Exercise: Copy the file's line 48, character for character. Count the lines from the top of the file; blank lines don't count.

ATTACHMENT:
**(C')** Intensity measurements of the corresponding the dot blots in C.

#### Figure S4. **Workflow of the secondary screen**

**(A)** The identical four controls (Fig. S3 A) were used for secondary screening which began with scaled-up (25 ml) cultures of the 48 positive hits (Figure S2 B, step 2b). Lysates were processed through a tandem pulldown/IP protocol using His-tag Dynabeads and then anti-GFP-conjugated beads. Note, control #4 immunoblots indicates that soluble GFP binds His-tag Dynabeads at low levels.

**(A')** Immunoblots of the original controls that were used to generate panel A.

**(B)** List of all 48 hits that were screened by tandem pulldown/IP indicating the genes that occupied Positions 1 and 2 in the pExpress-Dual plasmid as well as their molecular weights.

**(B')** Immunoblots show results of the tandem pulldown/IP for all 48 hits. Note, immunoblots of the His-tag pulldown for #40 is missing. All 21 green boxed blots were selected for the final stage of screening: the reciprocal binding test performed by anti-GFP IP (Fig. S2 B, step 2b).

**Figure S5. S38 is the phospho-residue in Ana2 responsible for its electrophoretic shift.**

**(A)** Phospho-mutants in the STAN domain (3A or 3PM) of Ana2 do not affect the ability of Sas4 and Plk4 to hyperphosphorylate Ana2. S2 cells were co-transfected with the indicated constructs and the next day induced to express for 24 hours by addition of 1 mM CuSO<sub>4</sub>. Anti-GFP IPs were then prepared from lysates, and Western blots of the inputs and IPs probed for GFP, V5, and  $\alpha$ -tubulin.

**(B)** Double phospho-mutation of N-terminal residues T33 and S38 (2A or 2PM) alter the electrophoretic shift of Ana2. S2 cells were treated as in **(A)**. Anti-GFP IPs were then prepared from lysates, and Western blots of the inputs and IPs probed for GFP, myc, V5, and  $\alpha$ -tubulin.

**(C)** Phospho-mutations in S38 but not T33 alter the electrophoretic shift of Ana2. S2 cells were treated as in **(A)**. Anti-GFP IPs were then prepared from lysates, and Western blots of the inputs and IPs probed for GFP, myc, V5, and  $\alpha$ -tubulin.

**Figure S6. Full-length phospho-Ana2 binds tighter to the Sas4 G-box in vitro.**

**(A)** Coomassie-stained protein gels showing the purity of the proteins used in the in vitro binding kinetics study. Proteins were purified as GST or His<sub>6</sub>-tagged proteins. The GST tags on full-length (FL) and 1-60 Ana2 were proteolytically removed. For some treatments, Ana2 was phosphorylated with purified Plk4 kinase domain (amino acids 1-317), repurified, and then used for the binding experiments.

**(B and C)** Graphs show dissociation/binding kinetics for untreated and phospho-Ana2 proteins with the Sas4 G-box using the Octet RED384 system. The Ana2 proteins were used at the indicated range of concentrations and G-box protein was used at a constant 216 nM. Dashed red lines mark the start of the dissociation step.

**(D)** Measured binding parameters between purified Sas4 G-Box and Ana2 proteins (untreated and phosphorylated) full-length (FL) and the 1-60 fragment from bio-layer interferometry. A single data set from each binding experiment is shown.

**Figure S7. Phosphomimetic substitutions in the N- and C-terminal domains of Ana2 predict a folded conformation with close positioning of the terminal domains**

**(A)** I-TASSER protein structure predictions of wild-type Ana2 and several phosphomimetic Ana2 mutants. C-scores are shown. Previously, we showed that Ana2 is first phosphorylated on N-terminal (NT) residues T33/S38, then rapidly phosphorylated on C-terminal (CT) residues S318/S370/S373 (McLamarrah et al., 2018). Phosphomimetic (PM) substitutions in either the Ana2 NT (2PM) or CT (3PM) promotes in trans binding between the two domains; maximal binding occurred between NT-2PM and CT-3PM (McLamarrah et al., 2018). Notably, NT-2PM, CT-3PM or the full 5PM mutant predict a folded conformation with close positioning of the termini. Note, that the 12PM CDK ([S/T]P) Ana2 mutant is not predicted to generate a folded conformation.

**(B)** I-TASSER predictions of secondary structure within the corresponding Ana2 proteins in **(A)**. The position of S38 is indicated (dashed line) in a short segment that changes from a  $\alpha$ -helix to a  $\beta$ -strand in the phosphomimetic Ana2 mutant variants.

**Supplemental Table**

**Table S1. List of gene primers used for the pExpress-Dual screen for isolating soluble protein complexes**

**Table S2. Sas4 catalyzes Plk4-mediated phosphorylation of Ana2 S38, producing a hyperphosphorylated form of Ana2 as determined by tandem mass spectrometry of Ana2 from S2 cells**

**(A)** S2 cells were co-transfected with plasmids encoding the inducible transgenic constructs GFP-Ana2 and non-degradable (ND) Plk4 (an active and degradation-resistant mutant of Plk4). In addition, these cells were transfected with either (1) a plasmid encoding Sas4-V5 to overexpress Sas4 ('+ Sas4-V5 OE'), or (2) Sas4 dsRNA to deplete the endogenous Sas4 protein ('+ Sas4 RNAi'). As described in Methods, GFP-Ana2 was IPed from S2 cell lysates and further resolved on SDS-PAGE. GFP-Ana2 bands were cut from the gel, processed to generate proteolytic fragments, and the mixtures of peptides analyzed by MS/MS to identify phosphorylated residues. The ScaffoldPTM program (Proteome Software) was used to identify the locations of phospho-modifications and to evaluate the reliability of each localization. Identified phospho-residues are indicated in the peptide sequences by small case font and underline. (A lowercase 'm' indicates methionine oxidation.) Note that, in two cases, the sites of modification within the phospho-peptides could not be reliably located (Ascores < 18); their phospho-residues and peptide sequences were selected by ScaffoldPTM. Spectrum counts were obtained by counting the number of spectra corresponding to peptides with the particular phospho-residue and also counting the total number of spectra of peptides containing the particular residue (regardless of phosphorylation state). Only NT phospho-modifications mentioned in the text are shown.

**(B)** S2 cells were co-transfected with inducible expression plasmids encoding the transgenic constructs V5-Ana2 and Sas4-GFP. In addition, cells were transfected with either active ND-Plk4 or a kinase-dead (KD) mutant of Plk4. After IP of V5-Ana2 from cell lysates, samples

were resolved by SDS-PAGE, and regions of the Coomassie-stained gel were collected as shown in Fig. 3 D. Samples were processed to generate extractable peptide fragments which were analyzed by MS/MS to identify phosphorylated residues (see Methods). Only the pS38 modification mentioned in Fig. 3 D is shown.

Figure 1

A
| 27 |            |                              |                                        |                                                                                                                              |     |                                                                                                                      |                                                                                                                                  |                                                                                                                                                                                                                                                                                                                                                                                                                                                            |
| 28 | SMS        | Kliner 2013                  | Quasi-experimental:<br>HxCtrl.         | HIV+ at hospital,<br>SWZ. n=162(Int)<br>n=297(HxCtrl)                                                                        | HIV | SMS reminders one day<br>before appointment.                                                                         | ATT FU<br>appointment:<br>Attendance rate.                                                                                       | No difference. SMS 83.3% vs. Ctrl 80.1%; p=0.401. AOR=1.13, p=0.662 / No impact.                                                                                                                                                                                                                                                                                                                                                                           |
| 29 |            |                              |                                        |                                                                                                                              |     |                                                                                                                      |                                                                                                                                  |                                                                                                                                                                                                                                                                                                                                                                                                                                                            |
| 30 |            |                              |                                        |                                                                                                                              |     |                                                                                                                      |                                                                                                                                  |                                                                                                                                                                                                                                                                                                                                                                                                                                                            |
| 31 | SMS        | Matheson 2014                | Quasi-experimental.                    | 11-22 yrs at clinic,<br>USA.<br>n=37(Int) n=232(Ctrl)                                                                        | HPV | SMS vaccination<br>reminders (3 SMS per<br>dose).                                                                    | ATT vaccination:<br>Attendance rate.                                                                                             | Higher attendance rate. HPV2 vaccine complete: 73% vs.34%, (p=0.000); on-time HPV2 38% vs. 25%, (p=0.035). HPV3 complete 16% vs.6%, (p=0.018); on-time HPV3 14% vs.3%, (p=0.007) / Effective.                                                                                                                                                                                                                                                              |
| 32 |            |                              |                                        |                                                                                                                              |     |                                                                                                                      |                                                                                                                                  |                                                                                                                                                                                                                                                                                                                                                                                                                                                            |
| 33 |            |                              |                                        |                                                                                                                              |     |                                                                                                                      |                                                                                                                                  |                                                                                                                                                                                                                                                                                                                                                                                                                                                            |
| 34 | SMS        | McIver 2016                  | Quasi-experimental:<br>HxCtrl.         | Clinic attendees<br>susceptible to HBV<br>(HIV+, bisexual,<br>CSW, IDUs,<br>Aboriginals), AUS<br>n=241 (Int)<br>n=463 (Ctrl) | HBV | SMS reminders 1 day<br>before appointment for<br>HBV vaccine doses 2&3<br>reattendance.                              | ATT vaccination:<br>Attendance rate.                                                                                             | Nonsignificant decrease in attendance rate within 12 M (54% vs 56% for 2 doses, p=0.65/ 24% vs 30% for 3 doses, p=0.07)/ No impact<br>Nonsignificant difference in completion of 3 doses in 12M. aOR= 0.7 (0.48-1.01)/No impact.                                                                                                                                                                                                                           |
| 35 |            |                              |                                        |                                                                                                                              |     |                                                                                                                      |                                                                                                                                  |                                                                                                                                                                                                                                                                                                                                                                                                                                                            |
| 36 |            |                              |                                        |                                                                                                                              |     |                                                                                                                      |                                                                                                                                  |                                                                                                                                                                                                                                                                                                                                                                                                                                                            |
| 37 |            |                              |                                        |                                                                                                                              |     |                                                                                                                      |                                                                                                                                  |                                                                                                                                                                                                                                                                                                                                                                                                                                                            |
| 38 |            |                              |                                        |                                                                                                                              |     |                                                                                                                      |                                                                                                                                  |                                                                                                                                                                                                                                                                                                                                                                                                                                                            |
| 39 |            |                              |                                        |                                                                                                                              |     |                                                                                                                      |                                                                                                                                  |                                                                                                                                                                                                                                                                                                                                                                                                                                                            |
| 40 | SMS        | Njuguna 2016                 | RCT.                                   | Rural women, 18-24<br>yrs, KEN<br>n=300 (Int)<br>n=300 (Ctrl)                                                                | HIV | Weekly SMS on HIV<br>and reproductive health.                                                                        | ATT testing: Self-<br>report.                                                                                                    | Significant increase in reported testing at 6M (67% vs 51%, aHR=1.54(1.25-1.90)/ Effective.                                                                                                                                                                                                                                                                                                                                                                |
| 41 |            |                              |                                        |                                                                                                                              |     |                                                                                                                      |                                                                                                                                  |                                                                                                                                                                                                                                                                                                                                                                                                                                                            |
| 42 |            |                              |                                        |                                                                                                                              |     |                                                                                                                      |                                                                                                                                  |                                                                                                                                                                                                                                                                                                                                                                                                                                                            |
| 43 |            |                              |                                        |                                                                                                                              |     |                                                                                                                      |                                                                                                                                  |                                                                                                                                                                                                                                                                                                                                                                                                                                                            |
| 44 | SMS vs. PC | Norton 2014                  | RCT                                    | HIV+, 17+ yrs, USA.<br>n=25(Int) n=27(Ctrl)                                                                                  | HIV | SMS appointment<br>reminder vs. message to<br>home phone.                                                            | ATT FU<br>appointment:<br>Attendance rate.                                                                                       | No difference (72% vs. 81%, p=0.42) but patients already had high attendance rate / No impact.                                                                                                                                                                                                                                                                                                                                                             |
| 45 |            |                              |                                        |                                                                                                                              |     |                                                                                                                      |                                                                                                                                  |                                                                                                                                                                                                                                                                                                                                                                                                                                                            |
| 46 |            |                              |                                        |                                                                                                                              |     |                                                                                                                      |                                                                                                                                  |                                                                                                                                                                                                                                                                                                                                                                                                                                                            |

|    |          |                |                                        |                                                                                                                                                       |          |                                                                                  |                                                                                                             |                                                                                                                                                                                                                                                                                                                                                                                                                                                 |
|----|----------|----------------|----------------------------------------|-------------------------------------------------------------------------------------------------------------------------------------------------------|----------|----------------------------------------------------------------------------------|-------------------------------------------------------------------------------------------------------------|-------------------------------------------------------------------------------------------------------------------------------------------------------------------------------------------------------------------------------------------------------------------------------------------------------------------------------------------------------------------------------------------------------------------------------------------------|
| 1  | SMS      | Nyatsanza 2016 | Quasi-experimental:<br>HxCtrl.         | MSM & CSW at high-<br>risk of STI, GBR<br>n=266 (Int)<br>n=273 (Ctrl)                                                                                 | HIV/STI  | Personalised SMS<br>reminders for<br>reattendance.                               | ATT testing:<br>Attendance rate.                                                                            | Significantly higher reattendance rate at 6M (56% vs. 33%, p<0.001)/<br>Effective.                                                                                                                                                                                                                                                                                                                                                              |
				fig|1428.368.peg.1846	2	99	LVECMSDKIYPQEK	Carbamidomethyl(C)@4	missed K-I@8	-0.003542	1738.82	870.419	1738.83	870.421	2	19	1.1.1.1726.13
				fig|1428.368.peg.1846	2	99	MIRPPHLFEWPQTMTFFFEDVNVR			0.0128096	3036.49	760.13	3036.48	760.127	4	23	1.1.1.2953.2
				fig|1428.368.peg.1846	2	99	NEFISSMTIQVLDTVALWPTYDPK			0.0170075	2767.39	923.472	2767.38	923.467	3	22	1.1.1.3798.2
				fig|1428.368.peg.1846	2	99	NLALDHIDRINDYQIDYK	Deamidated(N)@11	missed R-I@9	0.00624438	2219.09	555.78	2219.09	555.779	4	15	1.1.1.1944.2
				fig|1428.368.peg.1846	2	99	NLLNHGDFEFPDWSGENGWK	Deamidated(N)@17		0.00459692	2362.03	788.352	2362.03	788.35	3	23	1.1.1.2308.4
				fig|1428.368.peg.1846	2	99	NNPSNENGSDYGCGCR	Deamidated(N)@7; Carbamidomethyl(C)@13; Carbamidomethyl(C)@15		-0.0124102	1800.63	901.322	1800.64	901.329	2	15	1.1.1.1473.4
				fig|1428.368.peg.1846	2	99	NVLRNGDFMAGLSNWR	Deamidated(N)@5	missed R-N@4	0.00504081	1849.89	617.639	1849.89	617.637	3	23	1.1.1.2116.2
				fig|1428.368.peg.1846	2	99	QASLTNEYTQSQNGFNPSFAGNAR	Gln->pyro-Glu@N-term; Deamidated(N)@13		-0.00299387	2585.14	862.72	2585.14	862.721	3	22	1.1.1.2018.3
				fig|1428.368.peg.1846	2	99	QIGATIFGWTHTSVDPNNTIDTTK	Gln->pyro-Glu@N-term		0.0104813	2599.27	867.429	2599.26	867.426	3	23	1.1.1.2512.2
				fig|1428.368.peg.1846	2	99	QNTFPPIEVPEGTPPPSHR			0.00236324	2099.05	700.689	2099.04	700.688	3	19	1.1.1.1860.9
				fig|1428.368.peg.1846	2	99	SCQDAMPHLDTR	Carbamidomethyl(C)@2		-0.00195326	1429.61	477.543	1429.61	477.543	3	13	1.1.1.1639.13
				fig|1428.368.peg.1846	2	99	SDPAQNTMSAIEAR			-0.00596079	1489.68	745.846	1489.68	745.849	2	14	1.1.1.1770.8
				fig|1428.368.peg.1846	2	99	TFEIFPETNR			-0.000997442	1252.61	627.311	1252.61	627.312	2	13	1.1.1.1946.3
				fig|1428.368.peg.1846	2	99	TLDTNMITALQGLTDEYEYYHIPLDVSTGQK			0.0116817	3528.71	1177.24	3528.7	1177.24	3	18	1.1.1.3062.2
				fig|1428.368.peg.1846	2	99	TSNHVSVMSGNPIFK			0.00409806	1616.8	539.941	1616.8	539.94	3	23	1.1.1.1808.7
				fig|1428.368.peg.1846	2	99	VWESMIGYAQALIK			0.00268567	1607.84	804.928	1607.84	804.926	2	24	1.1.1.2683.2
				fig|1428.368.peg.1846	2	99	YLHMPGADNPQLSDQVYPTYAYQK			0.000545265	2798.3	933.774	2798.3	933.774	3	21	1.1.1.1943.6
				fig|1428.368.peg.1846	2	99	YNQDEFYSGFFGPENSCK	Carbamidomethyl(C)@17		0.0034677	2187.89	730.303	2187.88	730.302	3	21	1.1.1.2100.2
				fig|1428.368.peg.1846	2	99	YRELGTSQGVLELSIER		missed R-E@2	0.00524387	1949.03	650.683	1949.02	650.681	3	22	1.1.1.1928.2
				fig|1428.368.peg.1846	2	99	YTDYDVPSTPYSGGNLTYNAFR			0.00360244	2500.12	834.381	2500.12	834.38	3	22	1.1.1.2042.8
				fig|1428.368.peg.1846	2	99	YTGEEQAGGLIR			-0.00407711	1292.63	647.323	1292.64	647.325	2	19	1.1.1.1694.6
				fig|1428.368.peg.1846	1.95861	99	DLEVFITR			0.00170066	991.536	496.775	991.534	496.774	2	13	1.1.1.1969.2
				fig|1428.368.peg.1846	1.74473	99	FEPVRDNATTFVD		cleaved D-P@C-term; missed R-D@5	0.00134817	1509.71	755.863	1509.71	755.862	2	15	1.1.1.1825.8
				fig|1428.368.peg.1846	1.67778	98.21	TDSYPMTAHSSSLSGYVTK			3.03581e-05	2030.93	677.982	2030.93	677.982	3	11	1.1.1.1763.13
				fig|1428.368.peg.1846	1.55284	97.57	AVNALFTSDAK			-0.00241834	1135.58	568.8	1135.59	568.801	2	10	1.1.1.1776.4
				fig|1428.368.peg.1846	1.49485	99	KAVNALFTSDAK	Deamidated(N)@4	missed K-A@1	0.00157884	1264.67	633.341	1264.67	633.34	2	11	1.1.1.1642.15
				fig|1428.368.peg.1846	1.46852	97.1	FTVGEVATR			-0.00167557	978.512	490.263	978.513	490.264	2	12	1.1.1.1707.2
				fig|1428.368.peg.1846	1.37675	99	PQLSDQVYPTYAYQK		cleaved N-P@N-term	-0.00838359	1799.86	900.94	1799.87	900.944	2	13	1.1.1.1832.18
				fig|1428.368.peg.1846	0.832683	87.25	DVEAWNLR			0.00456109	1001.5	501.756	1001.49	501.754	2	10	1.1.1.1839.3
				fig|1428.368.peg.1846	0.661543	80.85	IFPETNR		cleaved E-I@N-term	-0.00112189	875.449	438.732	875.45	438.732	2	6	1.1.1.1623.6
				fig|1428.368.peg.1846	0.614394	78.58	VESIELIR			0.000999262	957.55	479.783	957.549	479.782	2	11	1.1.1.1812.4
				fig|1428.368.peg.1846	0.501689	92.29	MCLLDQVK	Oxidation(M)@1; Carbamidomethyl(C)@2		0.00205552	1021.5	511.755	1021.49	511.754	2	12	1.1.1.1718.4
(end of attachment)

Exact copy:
| 1  | SMS      | Nyatsanza 2016 | Quasi-experimental:<br>HxCtrl.         | MSM & CSW at high-<br>risk of STI, GBR<br>n=266 (Int)<br>n=273 (Ctrl)                                                                                 | HIV/STI  | Personalised SMS<br>reminders for<br>reattendance.                               | ATT testing:<br>Attendance rate.                                                                            | Significantly higher reattendance rate at 6M (56% vs. 33%, p<0.001)/<br>Effective.                                                                                                                                                                                                                                                                                                                                                              |